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Weighted Likelihood for Time-Varying Gaussian Parameter Estimation

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In a previous article, we presented a weighted likelihood technique for estimating parameters \theta of a probability density function \rho(x|\theta). The motivation being that for time series, we may wish to weigh more recent data more heavily. In this article, we will apply the technique to a simple Gaussian density

\rho(x|\mu,\nu) = \frac{1}{\sqrt{\pi\nu}} \exp\left[-\frac{(x-\mu)^2}{\nu}\right].

In this case, the log likelihood is given by

\begin{aligned} \log\mathcal{L}(\mu,\nu) &= \sum_{i=1}^N w_i \log\rho(x_i|\mu,\nu) \\ &= -\frac{1}{2} \log\pi\nu - \frac{1}{\nu} \sum_{i=1}^N w_i \left(x_i - \mu\right)^2 \end{aligned}.

Recall that the maximum likelihood occurs when

\begin{aligned} \frac{\partial}{\partial\mu} \log\mathcal{L}(\mu,\nu) = \frac{\partial}{\partial\nu} \log\mathcal{L}(\mu,\nu) = 0. \end{aligned}

A simple calculation demonstrates that this occurs when

\begin{aligned} \mu = \sum_{i=1}^N w_i x_i \end{aligned}


\begin{aligned} \sigma^2 = \sum_{i=1}^N w_i \left(x_i - \mu\right)^2, \end{aligned}

where \sigma^2 = \nu/2.

Introducing a weighted expectation operator for a random variable X with samples x_i given by

\begin{aligned} E_w(X) = \sum_{i=1}^N w_i x_i, \end{aligned}

the Gaussian parameters may be expressed in a familiar form via

\mu = E_w(X)


\sigma^2 = E_w(X^2) - \left[E_w(X)\right]^2.

This simple result justifies the use of weighted expectations for time varying Gaussian parameter estimation. As we will see, this is also useful for coding financial time series analysis.



Written by Eric

February 3, 2013 at 4:33 pm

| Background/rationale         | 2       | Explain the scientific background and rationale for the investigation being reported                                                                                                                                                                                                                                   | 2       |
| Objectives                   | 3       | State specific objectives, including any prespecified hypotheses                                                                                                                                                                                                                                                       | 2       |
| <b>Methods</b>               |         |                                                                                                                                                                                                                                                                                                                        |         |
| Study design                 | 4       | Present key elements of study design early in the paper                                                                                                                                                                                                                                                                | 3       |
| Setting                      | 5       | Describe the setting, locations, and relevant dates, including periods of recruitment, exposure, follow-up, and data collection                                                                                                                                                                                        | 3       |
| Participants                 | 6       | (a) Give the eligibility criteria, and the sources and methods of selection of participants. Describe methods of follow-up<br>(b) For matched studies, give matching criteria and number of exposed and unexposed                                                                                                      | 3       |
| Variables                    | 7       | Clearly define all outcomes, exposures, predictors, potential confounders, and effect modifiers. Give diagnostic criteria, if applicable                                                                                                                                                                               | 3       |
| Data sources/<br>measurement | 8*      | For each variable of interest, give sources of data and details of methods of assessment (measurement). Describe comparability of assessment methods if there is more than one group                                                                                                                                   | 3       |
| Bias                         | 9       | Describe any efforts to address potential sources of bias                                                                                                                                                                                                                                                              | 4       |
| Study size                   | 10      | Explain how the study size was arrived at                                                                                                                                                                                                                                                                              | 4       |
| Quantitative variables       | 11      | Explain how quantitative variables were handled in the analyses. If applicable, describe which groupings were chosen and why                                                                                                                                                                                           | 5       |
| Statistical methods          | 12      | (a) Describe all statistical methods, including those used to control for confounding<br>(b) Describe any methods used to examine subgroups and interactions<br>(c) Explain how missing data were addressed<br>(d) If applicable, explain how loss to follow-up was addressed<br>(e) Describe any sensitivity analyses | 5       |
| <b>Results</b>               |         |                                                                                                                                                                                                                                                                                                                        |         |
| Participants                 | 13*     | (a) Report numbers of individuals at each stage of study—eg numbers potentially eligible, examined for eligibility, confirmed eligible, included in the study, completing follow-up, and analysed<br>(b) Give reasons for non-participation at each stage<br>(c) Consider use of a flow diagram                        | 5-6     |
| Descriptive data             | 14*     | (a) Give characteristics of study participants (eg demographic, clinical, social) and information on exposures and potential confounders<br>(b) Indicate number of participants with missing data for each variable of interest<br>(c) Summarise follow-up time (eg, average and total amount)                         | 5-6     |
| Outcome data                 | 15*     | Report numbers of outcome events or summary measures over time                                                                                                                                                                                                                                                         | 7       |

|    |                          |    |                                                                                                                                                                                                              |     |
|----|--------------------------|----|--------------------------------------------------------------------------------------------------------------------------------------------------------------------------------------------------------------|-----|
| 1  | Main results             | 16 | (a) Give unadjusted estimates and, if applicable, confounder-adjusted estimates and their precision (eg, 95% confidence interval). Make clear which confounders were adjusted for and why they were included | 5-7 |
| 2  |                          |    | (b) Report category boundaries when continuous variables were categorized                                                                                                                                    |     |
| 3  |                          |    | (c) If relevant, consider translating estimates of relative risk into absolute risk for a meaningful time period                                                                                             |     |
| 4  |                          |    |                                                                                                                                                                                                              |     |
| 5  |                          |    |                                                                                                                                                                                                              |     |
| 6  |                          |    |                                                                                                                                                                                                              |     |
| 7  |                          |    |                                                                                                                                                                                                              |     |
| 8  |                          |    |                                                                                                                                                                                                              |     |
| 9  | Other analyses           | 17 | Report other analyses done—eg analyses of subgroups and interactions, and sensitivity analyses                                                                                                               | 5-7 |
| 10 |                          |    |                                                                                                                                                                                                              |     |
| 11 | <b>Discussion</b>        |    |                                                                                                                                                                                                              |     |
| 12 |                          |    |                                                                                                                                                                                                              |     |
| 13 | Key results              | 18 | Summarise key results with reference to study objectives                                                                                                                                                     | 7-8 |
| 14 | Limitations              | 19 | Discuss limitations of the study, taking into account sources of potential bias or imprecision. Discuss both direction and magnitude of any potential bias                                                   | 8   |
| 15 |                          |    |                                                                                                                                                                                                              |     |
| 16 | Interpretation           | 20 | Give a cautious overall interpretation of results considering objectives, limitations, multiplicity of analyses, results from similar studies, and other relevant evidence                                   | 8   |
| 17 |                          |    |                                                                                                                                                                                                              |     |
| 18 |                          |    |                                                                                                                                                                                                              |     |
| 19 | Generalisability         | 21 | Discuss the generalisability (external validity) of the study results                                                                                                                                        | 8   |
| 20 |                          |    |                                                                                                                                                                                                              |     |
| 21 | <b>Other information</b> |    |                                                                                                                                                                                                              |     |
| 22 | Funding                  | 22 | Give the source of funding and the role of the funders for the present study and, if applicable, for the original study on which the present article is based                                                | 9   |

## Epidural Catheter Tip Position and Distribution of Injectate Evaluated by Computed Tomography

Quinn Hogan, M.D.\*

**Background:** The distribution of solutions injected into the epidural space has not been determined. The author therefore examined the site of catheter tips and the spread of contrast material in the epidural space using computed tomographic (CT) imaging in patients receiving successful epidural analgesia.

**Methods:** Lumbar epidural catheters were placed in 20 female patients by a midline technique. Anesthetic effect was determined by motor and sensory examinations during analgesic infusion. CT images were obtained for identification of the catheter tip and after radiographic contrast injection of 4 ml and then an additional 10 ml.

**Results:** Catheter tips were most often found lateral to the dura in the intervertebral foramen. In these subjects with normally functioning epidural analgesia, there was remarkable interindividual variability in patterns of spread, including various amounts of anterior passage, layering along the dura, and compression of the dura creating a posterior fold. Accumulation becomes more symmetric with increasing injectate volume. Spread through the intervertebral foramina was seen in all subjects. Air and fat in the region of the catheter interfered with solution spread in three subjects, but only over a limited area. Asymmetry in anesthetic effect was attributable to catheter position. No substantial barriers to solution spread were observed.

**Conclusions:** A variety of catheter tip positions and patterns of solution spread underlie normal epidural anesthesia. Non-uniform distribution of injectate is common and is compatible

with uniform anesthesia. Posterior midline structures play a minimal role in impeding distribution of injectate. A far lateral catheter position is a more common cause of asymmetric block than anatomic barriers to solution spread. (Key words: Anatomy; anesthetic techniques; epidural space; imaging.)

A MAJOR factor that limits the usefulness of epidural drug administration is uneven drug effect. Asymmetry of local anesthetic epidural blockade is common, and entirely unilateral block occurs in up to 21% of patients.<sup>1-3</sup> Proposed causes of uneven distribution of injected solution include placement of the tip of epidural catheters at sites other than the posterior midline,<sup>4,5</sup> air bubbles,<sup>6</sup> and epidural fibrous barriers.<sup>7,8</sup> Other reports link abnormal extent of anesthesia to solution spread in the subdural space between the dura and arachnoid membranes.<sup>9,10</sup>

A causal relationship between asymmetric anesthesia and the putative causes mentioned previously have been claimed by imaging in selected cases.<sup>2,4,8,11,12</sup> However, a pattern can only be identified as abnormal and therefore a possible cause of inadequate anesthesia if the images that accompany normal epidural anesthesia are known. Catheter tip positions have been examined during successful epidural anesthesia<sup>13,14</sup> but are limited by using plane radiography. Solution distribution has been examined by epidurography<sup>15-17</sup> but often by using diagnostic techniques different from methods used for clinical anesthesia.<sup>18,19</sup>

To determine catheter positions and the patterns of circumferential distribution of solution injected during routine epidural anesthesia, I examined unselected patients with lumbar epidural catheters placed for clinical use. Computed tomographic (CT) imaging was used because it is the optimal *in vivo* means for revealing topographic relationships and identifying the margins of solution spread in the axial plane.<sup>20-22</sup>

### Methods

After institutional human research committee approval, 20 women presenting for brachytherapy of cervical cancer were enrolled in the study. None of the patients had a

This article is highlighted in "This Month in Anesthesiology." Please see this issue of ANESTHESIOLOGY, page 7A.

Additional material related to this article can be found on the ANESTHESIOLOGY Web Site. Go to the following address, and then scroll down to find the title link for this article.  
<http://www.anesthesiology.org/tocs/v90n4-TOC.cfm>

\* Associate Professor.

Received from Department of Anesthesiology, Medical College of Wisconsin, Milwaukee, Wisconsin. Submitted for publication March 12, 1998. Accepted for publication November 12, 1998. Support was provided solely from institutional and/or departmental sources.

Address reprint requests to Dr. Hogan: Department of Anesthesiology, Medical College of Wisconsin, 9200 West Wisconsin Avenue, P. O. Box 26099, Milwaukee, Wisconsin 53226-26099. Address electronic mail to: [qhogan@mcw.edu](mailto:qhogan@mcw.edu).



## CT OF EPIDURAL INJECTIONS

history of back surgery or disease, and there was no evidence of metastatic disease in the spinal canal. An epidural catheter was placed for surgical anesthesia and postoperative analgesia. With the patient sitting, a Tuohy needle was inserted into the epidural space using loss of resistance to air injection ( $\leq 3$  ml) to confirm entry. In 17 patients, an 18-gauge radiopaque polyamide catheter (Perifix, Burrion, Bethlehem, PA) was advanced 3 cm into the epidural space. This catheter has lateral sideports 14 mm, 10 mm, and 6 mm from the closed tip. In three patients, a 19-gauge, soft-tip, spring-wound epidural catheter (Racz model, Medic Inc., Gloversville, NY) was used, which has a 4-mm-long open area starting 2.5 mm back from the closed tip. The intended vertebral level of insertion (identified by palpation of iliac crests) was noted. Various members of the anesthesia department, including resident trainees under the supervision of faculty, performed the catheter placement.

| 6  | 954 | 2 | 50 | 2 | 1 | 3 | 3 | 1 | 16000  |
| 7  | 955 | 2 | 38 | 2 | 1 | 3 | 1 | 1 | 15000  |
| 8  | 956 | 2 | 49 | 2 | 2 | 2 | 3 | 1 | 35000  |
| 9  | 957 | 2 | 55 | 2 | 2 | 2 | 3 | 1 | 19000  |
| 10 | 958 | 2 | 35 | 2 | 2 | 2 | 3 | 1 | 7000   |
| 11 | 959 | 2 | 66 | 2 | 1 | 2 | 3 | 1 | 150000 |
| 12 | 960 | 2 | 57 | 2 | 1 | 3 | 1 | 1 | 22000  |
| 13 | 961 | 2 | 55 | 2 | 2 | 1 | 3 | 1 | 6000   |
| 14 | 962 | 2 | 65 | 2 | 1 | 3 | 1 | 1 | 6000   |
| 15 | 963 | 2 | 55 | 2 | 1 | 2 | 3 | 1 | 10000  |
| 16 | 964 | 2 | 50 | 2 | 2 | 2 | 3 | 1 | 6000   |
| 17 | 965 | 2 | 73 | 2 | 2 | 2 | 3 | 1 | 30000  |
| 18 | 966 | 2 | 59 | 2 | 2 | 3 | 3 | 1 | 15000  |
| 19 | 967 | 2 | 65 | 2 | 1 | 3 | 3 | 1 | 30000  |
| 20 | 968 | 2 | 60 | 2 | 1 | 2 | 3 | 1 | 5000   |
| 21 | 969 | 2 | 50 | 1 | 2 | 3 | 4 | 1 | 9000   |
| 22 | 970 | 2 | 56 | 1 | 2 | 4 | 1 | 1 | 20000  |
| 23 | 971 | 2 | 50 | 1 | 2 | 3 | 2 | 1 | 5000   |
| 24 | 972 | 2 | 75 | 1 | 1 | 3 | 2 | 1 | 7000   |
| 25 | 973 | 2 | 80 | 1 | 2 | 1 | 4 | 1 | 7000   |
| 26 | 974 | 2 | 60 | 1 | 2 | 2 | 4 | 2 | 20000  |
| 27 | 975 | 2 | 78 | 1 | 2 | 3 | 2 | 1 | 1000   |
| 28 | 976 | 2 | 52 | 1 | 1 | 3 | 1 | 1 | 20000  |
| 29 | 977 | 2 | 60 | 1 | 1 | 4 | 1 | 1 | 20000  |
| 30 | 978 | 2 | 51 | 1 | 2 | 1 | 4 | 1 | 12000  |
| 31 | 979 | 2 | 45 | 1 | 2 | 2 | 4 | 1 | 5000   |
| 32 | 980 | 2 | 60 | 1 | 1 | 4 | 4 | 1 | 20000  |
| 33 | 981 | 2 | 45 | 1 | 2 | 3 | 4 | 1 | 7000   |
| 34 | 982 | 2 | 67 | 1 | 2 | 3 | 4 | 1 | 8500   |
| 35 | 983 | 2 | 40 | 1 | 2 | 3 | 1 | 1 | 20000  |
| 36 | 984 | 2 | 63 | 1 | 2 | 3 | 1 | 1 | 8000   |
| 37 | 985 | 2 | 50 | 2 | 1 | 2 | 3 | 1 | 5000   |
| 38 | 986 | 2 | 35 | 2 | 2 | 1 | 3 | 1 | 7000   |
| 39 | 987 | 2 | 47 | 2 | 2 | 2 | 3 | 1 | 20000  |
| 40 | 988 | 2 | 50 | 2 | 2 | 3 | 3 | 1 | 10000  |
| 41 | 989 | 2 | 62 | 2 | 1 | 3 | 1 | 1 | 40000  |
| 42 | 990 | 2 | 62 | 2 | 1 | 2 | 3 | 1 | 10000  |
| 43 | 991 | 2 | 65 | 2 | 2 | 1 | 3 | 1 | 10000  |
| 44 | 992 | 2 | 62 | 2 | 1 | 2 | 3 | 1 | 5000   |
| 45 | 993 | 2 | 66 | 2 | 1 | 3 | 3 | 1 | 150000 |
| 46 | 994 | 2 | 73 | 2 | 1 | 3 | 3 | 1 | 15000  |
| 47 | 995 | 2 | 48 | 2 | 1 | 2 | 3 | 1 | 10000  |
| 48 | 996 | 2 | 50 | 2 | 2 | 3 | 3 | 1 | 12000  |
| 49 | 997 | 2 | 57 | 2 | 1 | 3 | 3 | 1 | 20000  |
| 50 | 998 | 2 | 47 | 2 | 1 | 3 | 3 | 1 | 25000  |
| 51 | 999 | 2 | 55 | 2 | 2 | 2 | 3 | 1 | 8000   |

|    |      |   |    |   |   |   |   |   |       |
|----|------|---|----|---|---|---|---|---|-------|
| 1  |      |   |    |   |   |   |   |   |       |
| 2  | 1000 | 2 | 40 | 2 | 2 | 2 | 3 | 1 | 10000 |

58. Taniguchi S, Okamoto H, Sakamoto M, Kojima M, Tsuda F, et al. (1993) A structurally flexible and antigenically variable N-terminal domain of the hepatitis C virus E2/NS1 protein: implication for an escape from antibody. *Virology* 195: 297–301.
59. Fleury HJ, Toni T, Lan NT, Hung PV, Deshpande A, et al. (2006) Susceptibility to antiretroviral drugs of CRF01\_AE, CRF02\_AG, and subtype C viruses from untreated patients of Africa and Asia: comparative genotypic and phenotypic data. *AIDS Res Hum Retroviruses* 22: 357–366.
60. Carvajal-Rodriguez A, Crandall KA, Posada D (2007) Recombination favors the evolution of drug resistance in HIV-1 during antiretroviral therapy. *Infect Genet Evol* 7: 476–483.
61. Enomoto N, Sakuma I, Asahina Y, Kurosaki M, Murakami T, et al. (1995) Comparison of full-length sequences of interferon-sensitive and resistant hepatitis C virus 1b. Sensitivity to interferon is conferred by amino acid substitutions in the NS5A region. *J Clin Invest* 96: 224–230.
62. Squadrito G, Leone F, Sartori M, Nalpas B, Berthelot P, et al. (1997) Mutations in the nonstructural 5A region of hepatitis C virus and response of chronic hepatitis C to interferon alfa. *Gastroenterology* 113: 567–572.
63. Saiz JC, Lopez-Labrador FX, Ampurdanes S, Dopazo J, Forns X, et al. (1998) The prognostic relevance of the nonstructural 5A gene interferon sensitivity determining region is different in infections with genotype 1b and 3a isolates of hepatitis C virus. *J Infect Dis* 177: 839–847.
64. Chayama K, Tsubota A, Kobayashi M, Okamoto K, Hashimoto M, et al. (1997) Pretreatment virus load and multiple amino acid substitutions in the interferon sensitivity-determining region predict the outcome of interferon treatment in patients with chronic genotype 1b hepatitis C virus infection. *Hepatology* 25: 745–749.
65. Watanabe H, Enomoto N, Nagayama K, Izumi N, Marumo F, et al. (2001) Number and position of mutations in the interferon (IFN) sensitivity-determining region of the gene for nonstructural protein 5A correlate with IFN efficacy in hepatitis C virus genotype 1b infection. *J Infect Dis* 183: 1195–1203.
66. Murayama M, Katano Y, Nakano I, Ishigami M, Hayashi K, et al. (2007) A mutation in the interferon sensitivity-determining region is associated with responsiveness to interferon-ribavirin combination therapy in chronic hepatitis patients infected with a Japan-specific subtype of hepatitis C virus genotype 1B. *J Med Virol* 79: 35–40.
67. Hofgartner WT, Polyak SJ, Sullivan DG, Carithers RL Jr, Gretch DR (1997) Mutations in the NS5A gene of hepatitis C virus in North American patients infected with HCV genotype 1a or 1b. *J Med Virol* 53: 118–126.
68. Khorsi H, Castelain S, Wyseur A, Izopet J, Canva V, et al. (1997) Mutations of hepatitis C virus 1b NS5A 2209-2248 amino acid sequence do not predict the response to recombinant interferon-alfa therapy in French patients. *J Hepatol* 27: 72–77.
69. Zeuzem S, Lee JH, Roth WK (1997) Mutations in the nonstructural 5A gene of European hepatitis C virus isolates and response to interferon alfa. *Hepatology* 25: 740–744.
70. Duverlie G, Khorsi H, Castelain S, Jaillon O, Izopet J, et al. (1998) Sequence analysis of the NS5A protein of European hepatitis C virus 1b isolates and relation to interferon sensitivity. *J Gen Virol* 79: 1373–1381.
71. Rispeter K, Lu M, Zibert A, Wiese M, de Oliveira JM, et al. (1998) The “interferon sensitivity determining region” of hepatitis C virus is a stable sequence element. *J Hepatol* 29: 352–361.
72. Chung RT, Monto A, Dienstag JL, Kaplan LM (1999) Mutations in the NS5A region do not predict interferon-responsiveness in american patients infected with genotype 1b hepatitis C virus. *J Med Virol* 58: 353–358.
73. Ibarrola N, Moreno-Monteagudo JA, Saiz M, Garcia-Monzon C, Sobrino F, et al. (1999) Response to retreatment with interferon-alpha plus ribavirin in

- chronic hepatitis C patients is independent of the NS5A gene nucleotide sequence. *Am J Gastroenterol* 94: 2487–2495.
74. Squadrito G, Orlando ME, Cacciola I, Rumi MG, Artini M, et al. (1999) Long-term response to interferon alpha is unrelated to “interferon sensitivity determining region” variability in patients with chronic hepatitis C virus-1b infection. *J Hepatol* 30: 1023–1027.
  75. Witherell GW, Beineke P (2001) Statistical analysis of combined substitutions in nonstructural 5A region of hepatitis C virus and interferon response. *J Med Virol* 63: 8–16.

More fun with maximum likelihood estimation

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A while ago, I wrote a post

Fun with maximum likelihood estimation

where I jotted down some notes. I ended the post with the following:

Note: The first time I worked through this exercise, I thought it was cute, but I would never compute \mu and \sigma^2 as above so the maximum likelihood estimation, as presented, is not meaningful to me. Hence, this is just a warm up for what comes next. Stay tuned…

Well, it has been over a year and I’m trying to get a friend interested in MLE for a side project we might work on together, so thought it would be good to revisit it now.

To briefly review, the probability of observing N independent samples X\in\mathbb{R}^N may be approximated by

\begin{aligned} P(X|\theta) = \prod_{i = 1}^N P(x_i|\theta) = \left(\Delta x\right)^N \prod_{i=1}^N \rho(x_i|\theta),\end{aligned}

where \rho(x|\theta) is a probability density and \theta represents the parameters we are trying to estimate. The key observation becomes clear after a slight change in perspective.

If we take the Nth root of the above probability (and divide by \Delta x), we obtain the geometric mean of the individual densities, i.e.

\begin{aligned} \langle \rho(X|\theta)\rangle_{\text{geom}} = \prod_{i=1}^N \left[\rho(x_i|\theta)\right]^{1/N}.\end{aligned}

In computing the geometric mean above, each sample is given the same weighting, i.e. 1/N. However, we may have reason to want to weigh some samples heavier than others, e.g. if we are studying samples from a time series, we may want to weigh the more recent data heavier. This inspired me to replace 1/N with an arbitrary weight w_i satisfying

\begin{aligned} w_i\ge 0,\quad\text{and}\quad \sum_{i=1}^N w_i = 1.\end{aligned}

With no apologies for abusing terminology, I’ll refer to this as the likelihood function

\begin{aligned} \mathcal{L}(\theta) = \prod_{i=1}^N \rho(x_i|\theta)^{w_i}.\end{aligned}

Replacing w_i with 1/N would result in the same parameter estimation as the traditional maximum likelihood method.

It is often more convenient to work with log likelihoods, which has an even more intuitive expression

\begin{aligned}\log\mathcal{L}(\theta) = \sum_{i=1}^N w_i \log \rho(x_i|\theta),\end{aligned}

i.e. the log likelihood is simply the weighted (arithmetic) average of the log densities.

I use this approach to estimate stable density parameters for time series analysis that is more suitable for capturing risk in the tails. For instance, I used this technique when generating the charts in a post from back in 2009:

80 Years of Daily S&P 500 Value-at-Risk Estimates

which was subsequently picked up by Felix Salmon of Reuters in

How has VaR changed over time?

and Tracy Alloway of Financial Times in

On baseline VaR